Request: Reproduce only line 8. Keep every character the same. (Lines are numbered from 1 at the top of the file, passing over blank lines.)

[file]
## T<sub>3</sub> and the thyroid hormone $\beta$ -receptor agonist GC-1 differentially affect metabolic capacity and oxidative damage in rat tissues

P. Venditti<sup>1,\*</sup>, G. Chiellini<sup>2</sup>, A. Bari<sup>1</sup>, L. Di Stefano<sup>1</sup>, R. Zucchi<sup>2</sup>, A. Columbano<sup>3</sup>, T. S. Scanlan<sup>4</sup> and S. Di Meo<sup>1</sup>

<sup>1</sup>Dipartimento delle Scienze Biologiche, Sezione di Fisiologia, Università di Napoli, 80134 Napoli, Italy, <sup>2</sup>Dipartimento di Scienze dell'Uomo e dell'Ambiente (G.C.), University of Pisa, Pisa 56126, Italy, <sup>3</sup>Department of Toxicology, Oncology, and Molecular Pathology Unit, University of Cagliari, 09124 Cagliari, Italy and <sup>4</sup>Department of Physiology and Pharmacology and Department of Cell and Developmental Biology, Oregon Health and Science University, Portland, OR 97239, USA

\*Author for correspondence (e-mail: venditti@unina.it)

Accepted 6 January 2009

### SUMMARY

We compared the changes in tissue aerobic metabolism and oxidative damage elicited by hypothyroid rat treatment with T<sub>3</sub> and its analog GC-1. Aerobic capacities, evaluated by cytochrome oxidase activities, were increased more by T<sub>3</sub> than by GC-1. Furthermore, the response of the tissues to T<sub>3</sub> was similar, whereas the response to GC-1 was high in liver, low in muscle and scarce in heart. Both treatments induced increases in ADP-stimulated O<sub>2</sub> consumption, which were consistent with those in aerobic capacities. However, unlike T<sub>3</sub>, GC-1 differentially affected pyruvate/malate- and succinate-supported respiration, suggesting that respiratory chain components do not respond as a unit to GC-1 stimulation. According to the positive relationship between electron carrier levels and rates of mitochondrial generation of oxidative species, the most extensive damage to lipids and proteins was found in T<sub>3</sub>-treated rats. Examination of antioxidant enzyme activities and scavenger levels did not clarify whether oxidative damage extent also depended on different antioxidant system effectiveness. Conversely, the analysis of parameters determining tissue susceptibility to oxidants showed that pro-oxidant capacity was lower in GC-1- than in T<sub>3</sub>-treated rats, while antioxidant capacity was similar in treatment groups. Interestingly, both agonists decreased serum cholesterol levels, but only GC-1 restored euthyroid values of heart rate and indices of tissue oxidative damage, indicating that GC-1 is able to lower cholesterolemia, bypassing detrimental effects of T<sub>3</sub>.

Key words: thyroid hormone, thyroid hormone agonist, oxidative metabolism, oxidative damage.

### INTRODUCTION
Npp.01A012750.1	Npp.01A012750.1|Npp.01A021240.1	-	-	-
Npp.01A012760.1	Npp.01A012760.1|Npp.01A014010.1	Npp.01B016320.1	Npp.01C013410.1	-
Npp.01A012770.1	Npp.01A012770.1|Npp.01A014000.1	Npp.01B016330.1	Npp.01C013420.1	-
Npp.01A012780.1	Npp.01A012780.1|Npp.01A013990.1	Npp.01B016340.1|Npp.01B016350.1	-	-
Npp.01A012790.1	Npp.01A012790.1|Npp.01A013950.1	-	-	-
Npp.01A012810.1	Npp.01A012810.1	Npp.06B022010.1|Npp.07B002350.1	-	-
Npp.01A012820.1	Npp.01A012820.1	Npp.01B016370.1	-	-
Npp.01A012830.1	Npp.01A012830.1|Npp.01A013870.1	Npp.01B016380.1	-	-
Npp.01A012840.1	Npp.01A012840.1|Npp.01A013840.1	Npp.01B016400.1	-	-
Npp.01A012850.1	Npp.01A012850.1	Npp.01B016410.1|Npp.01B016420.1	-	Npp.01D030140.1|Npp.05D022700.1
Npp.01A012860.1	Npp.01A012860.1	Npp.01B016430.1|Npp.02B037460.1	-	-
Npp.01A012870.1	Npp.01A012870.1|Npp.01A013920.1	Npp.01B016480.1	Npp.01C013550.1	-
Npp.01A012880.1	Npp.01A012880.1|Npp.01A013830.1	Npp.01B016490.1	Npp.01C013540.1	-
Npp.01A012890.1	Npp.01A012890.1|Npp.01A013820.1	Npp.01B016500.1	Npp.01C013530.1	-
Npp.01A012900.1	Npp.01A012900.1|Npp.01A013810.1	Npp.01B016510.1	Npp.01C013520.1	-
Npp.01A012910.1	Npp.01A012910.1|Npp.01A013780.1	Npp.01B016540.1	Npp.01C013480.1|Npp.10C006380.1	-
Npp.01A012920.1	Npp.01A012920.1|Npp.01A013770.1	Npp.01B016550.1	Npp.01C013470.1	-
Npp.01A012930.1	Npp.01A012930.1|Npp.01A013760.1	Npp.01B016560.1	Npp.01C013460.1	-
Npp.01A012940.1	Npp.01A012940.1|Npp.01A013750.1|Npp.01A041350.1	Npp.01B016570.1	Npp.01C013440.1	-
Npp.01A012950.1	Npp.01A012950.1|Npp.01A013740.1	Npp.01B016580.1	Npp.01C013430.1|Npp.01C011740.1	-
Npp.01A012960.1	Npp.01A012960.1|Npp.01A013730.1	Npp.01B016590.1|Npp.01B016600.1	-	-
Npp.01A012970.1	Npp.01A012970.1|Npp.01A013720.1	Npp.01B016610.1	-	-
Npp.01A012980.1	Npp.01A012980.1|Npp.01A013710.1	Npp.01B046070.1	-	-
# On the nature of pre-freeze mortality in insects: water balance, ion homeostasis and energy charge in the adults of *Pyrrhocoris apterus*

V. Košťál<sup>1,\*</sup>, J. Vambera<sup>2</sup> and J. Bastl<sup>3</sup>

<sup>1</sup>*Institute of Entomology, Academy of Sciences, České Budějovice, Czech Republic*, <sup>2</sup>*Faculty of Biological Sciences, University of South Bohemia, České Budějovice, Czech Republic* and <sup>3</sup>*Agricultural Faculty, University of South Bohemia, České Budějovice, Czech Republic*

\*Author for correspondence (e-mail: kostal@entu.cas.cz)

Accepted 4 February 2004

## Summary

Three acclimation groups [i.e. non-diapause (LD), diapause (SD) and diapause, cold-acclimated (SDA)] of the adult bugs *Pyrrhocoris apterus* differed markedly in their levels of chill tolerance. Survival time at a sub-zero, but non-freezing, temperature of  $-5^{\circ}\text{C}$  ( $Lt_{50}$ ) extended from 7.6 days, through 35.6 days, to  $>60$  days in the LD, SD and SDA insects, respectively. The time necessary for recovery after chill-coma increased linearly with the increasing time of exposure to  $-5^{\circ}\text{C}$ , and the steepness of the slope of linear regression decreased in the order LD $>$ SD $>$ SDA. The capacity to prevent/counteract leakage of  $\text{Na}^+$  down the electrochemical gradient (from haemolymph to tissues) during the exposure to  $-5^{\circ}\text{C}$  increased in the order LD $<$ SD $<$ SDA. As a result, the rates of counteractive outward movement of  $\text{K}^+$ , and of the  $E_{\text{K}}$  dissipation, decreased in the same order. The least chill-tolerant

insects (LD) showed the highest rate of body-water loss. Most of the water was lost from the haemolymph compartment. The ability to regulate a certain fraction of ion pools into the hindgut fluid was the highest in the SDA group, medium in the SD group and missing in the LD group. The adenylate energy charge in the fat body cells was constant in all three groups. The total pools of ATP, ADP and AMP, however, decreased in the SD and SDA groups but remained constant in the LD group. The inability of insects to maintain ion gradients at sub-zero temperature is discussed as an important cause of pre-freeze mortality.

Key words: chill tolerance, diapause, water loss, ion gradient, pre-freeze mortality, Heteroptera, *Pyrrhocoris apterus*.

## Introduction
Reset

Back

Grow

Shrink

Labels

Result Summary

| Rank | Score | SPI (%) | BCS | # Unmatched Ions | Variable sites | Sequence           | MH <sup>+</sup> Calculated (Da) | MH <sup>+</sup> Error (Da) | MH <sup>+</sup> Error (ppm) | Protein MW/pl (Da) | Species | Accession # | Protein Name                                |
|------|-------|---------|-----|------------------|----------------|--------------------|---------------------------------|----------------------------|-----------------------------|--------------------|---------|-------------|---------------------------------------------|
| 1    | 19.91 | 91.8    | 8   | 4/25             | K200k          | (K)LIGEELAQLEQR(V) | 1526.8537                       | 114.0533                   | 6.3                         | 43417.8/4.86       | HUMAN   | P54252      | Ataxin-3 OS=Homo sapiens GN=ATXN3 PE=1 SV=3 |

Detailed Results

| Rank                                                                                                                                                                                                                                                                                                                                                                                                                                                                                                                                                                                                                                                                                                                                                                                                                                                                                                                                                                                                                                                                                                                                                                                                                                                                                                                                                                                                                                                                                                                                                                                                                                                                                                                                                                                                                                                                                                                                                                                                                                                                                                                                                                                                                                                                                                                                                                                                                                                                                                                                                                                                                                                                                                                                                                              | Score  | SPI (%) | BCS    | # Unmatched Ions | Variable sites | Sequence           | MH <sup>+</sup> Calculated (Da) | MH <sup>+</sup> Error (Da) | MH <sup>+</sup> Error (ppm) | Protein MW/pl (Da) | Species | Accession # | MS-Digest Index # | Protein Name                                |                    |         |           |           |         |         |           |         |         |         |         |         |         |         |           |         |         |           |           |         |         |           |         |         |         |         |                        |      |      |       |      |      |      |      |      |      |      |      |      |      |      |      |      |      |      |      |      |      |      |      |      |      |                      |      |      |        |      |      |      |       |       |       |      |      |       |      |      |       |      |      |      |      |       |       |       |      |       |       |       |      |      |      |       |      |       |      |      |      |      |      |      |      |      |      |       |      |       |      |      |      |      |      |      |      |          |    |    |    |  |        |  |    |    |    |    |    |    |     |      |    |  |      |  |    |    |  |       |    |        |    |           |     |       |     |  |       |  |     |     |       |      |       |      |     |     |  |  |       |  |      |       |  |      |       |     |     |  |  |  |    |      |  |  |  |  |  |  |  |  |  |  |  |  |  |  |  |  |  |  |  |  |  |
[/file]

Key words: thyroid hormone, thyroid hormone agonist, oxidative metabolism, oxidative damage.